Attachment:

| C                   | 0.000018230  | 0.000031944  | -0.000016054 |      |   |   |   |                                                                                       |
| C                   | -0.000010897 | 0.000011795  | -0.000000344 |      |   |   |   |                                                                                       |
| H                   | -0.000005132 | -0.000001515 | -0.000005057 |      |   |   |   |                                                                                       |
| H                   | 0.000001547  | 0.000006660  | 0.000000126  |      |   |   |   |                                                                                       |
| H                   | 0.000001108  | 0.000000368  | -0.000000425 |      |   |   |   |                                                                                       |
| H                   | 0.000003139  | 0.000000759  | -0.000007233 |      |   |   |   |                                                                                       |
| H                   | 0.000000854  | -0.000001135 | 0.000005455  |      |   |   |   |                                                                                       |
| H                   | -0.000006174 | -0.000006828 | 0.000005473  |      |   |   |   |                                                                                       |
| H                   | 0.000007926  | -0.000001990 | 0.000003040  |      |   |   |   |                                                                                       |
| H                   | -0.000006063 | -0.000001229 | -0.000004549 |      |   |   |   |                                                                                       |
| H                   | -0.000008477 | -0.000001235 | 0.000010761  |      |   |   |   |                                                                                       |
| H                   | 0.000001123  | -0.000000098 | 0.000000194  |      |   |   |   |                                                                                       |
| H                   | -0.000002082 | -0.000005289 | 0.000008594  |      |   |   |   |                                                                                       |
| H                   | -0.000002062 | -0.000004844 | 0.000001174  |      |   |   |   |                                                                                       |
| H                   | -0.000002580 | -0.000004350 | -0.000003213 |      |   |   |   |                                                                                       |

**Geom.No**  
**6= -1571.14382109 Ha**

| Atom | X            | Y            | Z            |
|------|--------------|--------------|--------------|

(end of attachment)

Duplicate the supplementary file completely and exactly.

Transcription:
| C                   | 0.000018230  | 0.000031944  | -0.000016054 |      |   |   |   |                                                                                       |
| C                   | -0.000010897 | 0.000011795  | -0.000000344 |      |   |   |   |                                                                                       |
| H                   | -0.000005132 | -0.000001515 | -0.000005057 |      |   |   |   |                                                                                       |
| H                   | 0.000001547  | 0.000006660  | 0.000000126  |      |   |   |   |                                                                                       |
| H                   | 0.000001108  | 0.000000368  | -0.000000425 |      |   |   |   |                                                                                       |
| H                   | 0.000003139  | 0.000000759  | -0.000007233 |      |   |   |   |                                                                                       |
| H                   | 0.000000854  | -0.000001135 | 0.000005455  |      |   |   |   |                                                                                       |
| H                   | -0.000006174 | -0.000006828 | 0.000005473  |      |   |   |   |                                                                                       |
| H                   | 0.000007926  | -0.000001990 | 0.000003040  |      |   |   |   |                                                                                       |
| H                   | -0.000006063 | -0.000001229 | -0.000004549 |      |   |   |   |                                                                                       |
| H                   | -0.000008477 | -0.000001235 | 0.000010761  |      |   |   |   |                                                                                       |
| H                   | 0.000001123  | -0.000000098 | 0.000000194  |      |   |   |   |                                                                                       |
| H                   | -0.000002082 | -0.000005289 | 0.000008594  |      |   |   |   |                                                                                       |
| H                   | -0.000002062 | -0.000004844 | 0.000001174  |      |   |   |   |                                                                                       |
| H                   | -0.000002580 | -0.000004350 | -0.000003213 |      |   |   |   |                                                                                       |

**Geom.No**  
**6= -1571.14382109 Ha**

| Atom | X            | Y            | Z            |
|------|--------------|--------------|--------------|